Do government U-turns actually matter?

Lady Thatcher addresses Conservative Party conference in 1980 Lady Thatcher's speech made U-turns a test of political virility

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There is nothing opposition politicians and headline hungry journalists like better than a government U-turn. But does the public care?

"You turn if you want to. The lady's not for turning."

With an icy glare and a pun on the title of an obscure 1940s comedy, Margaret Thatcher let the 1980 Conservative Party conference know exactly what she thought of those who were calling for her to change economic direction.

She also gave birth to a modern political obsession.

The phrase "U-turn" began appearing in newspaper headlines in the early 1970s when then Prime Minister Ted Heath had to dump his free-market economic policy in the face of soaring inflation and rampant industrial action.

Mrs Thatcher and her supporters on the Tory right never forgave him for what they saw as an appalling display of weakness. She made refusing to do a U-turn the ultimate test of political virility.

And by sticking to its core austerity plan in the face of mounting criticism, David Cameron's coalition government can arguably claim to have met it.

But in all other respects, Mr Cameron has, critics say, presided over something of a golden age for what Mrs Thatcher called in her speech "that favourite media catchphrase, the U-turn".

Dozens of policies have been reversed or rethought since the coalition came to power.

'Gathering storm'

Everything from a decision to sell off Britain's forests to the £100m cancellation of a fighter jet contract has been branded a U-turn by the Labour opposition even when, in some cases, they were calling for it.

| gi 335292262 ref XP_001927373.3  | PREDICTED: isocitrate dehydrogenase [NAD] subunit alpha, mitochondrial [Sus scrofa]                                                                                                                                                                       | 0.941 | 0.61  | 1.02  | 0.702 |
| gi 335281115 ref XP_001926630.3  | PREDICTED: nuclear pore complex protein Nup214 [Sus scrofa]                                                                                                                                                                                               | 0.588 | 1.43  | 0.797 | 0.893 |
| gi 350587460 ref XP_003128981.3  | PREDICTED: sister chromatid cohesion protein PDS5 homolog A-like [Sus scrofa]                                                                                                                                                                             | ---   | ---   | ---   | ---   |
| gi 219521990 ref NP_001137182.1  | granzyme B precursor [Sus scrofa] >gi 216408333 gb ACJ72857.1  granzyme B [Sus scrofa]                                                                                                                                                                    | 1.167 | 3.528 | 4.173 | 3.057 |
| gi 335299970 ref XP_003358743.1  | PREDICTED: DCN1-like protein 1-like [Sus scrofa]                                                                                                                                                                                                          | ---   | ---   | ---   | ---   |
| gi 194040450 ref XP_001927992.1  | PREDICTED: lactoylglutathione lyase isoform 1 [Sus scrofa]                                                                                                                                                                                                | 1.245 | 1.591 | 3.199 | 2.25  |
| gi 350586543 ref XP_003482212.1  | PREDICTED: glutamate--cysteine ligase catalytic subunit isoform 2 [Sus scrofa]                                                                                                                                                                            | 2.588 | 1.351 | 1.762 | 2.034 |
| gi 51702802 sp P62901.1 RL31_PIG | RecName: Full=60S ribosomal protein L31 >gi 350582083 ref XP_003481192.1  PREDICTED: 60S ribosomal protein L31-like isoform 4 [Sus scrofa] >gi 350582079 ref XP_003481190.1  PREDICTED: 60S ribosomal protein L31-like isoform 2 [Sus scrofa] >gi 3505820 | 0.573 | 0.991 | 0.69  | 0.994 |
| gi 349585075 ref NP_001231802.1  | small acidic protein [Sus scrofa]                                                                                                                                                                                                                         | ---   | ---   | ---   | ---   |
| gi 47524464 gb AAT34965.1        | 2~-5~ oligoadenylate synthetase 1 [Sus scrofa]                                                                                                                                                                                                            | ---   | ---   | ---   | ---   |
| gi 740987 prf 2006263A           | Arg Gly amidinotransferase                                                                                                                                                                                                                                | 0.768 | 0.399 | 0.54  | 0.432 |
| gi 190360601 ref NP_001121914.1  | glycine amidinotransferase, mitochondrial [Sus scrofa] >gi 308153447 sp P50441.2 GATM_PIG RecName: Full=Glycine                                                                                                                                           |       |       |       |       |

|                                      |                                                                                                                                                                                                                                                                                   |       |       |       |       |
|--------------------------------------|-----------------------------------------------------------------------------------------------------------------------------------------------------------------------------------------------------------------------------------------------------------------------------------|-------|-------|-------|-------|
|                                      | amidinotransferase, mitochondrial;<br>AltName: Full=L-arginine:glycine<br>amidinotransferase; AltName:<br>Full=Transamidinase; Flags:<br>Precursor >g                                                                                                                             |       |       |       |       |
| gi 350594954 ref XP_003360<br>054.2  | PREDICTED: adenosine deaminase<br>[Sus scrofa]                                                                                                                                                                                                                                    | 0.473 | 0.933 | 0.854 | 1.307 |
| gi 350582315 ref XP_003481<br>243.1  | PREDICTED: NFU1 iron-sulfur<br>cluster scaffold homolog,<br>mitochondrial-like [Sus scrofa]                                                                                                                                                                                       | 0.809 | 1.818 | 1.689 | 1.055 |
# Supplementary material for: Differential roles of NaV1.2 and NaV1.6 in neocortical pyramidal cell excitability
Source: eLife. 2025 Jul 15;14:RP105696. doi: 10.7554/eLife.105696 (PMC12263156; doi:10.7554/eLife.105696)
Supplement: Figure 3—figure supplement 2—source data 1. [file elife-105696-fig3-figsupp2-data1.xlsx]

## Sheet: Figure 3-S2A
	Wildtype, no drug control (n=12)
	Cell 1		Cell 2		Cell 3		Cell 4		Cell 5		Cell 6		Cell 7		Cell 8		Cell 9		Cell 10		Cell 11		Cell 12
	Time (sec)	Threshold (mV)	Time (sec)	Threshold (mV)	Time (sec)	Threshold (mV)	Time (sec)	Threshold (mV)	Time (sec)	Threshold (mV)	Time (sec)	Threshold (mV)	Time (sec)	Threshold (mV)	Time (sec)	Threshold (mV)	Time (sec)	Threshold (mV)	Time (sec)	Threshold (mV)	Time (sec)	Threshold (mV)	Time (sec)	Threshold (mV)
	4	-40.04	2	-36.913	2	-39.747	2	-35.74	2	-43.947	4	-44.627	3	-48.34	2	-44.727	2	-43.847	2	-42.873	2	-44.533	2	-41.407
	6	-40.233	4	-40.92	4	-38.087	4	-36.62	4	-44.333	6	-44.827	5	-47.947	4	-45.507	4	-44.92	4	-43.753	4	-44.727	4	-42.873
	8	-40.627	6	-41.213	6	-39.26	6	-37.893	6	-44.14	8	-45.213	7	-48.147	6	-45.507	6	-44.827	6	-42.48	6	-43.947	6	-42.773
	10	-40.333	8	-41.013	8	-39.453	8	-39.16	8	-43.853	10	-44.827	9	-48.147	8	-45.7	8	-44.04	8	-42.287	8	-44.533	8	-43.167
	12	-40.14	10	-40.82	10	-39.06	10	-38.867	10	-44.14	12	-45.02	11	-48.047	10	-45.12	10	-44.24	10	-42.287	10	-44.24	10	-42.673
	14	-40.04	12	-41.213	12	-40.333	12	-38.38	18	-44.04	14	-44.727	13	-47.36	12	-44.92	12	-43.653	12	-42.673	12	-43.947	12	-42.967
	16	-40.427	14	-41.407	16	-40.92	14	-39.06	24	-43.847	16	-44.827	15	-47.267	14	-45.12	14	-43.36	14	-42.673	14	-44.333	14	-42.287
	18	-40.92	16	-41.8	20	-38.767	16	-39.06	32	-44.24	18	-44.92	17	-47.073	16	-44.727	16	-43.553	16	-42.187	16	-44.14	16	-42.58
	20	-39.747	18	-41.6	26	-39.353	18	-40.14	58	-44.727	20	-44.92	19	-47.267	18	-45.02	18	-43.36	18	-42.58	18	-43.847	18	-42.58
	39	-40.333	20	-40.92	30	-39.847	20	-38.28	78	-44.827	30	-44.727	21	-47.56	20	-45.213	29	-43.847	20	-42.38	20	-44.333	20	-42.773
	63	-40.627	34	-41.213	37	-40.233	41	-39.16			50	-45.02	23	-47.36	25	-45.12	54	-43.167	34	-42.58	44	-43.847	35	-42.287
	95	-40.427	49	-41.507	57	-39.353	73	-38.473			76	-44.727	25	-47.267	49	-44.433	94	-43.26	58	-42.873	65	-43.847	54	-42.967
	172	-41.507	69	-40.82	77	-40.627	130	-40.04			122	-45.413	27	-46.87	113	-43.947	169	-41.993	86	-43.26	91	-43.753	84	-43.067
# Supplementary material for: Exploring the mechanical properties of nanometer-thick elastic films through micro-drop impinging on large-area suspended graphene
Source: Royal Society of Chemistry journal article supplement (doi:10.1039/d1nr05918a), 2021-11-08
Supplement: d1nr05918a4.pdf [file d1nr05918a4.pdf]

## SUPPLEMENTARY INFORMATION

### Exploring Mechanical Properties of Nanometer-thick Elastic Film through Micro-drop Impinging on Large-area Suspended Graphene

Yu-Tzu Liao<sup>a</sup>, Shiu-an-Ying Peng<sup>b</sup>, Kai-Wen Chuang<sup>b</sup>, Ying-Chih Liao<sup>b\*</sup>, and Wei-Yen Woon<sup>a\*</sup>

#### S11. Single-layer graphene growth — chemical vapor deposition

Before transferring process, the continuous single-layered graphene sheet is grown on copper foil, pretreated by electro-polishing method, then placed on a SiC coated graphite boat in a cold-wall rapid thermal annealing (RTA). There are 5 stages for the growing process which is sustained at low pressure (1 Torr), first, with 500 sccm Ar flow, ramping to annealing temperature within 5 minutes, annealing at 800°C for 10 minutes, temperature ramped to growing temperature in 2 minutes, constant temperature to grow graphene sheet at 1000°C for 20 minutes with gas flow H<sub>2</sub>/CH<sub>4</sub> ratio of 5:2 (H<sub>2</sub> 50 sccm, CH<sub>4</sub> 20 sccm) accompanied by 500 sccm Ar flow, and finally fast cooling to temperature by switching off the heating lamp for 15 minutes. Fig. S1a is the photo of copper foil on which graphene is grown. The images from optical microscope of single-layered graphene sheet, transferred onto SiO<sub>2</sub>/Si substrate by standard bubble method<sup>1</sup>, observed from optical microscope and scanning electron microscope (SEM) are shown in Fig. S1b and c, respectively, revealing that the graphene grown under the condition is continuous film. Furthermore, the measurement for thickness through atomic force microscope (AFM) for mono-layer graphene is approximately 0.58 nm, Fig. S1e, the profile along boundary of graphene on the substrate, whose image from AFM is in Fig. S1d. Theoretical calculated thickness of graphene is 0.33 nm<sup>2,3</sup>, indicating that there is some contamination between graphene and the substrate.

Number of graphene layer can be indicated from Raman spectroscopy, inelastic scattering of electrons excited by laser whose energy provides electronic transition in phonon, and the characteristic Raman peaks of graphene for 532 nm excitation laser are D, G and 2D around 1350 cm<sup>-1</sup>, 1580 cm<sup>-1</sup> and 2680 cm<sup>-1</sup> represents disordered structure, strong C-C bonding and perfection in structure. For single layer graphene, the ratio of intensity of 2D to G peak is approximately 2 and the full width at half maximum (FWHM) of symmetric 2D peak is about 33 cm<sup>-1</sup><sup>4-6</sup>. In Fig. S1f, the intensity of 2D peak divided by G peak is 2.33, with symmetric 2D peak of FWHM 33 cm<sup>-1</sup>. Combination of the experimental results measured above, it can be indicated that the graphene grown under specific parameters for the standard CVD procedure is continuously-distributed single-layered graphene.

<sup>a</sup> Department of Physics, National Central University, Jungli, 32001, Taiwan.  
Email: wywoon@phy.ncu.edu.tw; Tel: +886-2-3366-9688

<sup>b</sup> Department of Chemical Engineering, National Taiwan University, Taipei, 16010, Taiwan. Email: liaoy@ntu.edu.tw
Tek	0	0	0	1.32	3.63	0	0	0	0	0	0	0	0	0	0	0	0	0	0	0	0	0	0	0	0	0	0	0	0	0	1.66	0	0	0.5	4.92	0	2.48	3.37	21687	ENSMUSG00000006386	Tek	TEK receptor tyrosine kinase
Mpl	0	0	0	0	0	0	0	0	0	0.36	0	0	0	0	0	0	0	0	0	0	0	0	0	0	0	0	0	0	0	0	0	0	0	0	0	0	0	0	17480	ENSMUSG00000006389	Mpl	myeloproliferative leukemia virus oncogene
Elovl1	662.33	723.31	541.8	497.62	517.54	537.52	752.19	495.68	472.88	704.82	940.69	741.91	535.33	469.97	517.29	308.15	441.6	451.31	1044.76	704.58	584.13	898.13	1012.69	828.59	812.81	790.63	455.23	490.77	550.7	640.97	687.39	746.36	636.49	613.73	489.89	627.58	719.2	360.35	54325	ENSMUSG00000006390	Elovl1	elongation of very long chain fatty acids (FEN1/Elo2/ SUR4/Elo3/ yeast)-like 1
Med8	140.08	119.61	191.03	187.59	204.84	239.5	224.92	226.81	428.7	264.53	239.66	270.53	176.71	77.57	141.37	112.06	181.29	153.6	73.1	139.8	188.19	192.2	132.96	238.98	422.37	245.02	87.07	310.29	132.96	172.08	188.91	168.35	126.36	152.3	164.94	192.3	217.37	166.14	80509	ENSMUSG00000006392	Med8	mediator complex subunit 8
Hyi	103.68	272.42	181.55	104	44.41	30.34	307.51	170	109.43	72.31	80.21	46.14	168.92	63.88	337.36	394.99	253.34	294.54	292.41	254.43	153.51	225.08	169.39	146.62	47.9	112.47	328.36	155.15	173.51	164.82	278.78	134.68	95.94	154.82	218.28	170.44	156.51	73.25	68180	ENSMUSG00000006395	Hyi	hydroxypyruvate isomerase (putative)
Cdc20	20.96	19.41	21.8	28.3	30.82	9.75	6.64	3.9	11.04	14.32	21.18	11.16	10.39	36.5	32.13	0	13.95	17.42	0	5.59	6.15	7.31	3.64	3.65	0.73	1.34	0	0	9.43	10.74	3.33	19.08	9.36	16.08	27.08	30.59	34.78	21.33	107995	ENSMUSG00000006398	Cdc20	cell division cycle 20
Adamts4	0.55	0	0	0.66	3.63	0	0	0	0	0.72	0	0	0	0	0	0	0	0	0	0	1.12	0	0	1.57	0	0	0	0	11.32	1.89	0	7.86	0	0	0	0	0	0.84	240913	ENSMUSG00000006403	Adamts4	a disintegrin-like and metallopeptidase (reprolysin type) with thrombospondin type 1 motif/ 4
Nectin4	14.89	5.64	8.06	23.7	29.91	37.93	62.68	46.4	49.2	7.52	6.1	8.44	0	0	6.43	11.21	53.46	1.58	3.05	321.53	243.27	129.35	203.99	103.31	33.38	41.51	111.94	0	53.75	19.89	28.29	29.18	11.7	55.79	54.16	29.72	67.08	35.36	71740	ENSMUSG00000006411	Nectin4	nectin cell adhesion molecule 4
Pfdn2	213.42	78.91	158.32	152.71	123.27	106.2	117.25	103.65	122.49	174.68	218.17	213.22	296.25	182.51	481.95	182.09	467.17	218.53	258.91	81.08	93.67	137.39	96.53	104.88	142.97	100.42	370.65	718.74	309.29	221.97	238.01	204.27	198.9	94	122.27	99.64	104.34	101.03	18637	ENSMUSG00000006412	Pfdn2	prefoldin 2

A few coalition U-turns

  • Joint Strike Fighter order
  • Pasty tax
  • Caravan tax
  • Tax on charitable giving
  • Child benefit cuts
  • Selling off forests
  • Sentence discounts for early guilty pleas
  • Tax relief on video games
  • Axeing under-fives' school milk

Some of these decisions can be put down to the normal business of government, as policy proposals are refined and tweaked through consultation.

But others, where ministers and MPs have loyally taken to the airwaves to defend a policy only to find it dropped a few days later, are in danger of giving the impression of a government that does not know what it is doing.

In the past week alone, Chancellor George Osborne has made three U-turns on policies announced in his March Budget - in response to lobbying from groups that would have been adversely affected by them.

Changing plans to impose VAT on hot food - the so-called pasty tax - and static caravans will not cost the Treasury much in financial terms, which is why they were easy U-turns to perform, but they have handed the chancellor's critics further ammunition.

As he announced his latest change of heart, on a plan to impose limits on tax relief for charitable giving, the chancellor said he wanted to concentrate on what really mattered, protecting Britain from the "gathering storm" of global economic grief.